GIVE THIS MAN A HAND That's John Sanders holding that key (with a hand that will soon be cut off). He's the best thing about this production.
There's a production of Peter and the Starcatcher at the Moore right now that's so production-rich, so dreamy looking, so fabric heavy, so storybookish, so inventive in its staging, it practically cries out for some kind of official Stranger ranking system for how stoned you should be when you see it. Dom's written about going to the opera stoned; Brendan's written about seeing children's theater stoned. Allow me to likewise recommend seeing this "grownup's prequel to Peter Pan" stoned; after all, "grownup's prequel to Peter Pan" is a little misleading, and elsewhere, tellingly, in fine print, the producers recommend it for children ages 10+. If it's for grownups, that's because grownups are allowed to smoke doobies in this town. I give this show two doobies out of three. Or whatever. (See? We need an official ranking system!)
"Look how great that drape is," my date said before it started. (He's a fellow theater fag—just a couple fairies seeing the Peter Pan prequel is all. Shush.) And it's true, the drape is great. Right away you can tell that the scenic designer (Donyale Werle) is a genius (you can't tell in that photo above, sorry); and that the lightning designer (Jeff Croiter) is amazing; and that the directors (Roger Rees and Alex Timbers) are very skilled; and that the actors are all top-notch (they're all out of towers, as this is a touring production). But the the script itself drags a bit. I mean, it's for people ages 10+, after all. There are no adult situations, but there are a whole bunch of goofy fart jokes.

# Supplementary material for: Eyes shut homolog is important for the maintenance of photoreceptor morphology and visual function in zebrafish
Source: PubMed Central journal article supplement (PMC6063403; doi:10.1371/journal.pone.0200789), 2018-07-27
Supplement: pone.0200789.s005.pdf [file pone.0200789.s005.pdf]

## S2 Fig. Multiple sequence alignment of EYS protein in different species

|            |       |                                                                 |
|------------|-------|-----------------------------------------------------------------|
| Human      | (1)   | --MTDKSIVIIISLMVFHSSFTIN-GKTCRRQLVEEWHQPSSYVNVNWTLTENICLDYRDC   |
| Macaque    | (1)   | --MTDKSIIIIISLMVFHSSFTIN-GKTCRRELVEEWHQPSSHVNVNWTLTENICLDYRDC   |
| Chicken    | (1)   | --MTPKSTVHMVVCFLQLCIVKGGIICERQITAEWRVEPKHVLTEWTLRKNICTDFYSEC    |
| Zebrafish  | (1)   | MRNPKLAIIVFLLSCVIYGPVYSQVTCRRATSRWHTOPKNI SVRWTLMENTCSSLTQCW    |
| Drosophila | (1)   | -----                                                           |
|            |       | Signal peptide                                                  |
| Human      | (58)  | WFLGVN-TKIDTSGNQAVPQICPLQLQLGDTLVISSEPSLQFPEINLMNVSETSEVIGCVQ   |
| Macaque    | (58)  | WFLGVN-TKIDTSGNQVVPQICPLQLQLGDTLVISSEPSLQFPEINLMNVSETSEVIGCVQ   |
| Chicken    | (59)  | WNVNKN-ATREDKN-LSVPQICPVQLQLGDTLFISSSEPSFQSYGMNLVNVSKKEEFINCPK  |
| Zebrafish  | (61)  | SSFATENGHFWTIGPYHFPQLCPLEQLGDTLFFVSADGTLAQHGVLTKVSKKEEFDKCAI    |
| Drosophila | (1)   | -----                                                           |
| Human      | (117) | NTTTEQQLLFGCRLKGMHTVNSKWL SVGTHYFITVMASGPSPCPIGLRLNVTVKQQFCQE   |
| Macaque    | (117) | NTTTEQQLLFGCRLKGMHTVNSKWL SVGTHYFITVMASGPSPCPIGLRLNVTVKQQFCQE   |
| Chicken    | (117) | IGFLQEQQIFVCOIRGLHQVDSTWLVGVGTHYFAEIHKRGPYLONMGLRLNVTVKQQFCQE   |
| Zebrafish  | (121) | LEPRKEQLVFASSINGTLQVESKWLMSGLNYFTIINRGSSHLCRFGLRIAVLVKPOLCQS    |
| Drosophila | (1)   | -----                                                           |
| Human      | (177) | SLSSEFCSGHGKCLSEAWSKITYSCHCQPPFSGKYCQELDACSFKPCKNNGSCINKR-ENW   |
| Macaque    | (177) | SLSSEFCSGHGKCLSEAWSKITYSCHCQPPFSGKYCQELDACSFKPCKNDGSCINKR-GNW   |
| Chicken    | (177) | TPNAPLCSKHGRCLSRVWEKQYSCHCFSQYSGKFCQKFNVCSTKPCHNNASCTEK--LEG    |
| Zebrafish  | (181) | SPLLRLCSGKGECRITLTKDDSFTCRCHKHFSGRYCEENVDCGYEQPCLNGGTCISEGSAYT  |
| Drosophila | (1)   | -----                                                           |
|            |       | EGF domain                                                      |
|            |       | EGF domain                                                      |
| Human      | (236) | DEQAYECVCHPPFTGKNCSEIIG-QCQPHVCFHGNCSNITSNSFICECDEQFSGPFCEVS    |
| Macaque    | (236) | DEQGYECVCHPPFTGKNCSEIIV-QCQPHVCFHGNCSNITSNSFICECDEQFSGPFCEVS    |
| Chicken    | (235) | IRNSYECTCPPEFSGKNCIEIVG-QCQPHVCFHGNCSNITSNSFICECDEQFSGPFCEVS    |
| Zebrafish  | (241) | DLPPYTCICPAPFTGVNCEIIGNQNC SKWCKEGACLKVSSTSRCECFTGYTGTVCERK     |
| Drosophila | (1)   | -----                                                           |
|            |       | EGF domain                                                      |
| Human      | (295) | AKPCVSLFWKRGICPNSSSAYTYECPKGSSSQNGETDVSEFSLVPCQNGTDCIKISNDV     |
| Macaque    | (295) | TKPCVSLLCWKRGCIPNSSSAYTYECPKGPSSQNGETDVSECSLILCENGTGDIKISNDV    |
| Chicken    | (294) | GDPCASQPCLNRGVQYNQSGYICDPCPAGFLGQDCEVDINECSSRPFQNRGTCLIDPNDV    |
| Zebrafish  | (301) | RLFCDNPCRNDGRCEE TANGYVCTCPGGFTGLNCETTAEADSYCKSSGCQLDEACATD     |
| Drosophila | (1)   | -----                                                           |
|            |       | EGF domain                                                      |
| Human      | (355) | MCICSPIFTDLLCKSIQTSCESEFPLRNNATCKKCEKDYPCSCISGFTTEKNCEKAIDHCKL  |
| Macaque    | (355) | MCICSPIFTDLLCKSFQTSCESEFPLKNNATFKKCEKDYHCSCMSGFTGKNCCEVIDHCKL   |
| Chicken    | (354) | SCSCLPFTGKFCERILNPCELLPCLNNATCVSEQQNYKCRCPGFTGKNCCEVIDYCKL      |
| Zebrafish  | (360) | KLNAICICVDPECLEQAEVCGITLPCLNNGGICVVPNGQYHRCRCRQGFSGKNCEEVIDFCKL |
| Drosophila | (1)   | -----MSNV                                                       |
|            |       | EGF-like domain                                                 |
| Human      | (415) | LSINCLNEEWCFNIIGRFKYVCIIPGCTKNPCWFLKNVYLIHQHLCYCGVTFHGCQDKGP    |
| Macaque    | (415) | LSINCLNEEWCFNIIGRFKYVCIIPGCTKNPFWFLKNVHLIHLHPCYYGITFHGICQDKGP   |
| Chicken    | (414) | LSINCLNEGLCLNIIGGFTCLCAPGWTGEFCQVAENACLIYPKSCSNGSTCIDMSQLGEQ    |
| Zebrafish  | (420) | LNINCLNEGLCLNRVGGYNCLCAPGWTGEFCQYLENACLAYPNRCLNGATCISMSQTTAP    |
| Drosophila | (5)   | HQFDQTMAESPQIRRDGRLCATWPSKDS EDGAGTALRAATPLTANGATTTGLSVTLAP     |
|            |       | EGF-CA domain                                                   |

If there is a reason to go, other than that you have a kid, or that you have a joint in your pocket, it's to see the performance by John Sanders, which is nothing short of a miracle. He plays the aspiring pirate who will become Captain Hook, and he plays it as a twitching, preening, reedy, self-pleased, striped-socked nancy of a man who's trying his damnedest to be ruthless and failing, hilariously. His lines are either sprinkled with hilarious anachronisms (like when he says, under his breath, "Good times," or when he asks one character if her milkshake brings the boys to the yard) or he's ad-libbing them, or both. When Sanders loses his hand in act two, he commences saying "Oh my god!" in a hundred different ways. Two hundred different ways? I don't know, but it was a lot of different ways, and somehow it never got old; he is a pro, and he is hilarious. Or maybe it was that joint I smoked at intermission? I don't know. All I can say is, at the end of act one, I was grumpy that this was more oriented toward children than I had realized, but by the end of act two, where Sanders really gets to shine, all I could think about was the ways in which Peter and the Starcatcher reillustrates how fun and intimate and vivid storytelling can be.